http://encoding.n3.net <--- for all your DVD and audio CD backup needs!

    http://valid.x86-secret.com/cache/banner/359444.png

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    Default

    If your RAM isn't saturating your FSB bandwidth, you aren't going to notice much of a performance difference between the two frequencies, though the one with higher FSB would be faster if you had the same divider.

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    I agree with both your statement, SG. My whole point about this experiment is to show people that they don't necessarily want to max out their FSB to hit the same final CPU frequency. I've seen some posts claiming that 8x450 is faster than 9x400 for example. These data show that statement is simply not true for application based benchmarks.
    http://encoding.n3.net <--- for all your DVD and audio CD backup needs!

    http://valid.x86-secret.com/cache/banner/359444.png

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    Default

    Quote Originally Posted by graysky View Post
    I agree with both your statement, SG. My whole point about this experiment is to show people that they don't necessarily want to max out their FSB to hit the same final CPU frequency. I've seen some posts claiming that 8x450 is faster than 9x400 for example. These data show that statement is simply not true for application based benchmarks.
    Understood. Very well done and comprehensive. Great job!

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    In the interest of overkill, I just completed the same benchmark @ 7x428 (edited first post in thread). Results are the same: no benefit of an even higher FSB.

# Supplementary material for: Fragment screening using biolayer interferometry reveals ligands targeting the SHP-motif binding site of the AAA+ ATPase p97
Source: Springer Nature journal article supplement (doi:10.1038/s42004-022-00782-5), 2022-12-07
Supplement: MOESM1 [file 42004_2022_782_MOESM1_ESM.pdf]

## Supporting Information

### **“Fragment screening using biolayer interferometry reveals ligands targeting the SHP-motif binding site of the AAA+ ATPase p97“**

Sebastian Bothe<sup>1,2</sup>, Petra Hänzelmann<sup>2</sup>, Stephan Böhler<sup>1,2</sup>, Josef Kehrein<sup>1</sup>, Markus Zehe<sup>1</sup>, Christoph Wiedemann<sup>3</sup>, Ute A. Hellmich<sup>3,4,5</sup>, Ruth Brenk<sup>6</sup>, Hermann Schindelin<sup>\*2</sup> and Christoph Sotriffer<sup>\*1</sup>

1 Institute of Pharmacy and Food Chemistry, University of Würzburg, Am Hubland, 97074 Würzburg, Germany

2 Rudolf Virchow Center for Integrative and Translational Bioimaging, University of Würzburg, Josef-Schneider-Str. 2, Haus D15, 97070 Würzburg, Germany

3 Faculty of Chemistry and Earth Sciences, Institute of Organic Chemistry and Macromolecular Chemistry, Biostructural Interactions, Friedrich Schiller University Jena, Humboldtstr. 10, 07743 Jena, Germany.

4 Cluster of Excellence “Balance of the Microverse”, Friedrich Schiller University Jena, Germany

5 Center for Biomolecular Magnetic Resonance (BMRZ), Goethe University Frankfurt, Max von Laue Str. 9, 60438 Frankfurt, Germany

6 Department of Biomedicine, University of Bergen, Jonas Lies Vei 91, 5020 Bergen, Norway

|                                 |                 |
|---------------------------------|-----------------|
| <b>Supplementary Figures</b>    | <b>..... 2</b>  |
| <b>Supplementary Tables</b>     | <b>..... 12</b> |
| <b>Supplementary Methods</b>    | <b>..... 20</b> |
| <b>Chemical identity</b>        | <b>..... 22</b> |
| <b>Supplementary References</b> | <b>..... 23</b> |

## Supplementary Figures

http://encoding.n3.net <--- for all your DVD and audio CD backup needs!

    http://valid.x86-secret.com/cache/banner/359444.png

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    I sort of half-remember seeing some gaming benchmarks somewhere (vague enough for ya?! ) which suggested that high FSB speed made more of a performance difference in games than it does in the sort of applications you're benchmarking here. I may well have remembered that wrong but perhaps you could run a few gaming benchmarks as well and see...?

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    What kind of motherboard were these tests conducted on?

    The reason I ask is because boards based on Intel chipsets, particularly the 965, scale a bit weird with fsb. The reason for this is because they have various bootstraps which are utilized depending on the fsb speed selected. Once you cross a threshold of one bootstrap, you go into the next which has looser chipset timings that allow for the higher bus speeds. For example, setting the fsb speed to 332MHz will use the 1066 strap, and starting at 333MHz the mobo automatically switches to the 1333 strap. 400MHz is another threshold, going to a theoretical 1600 strap.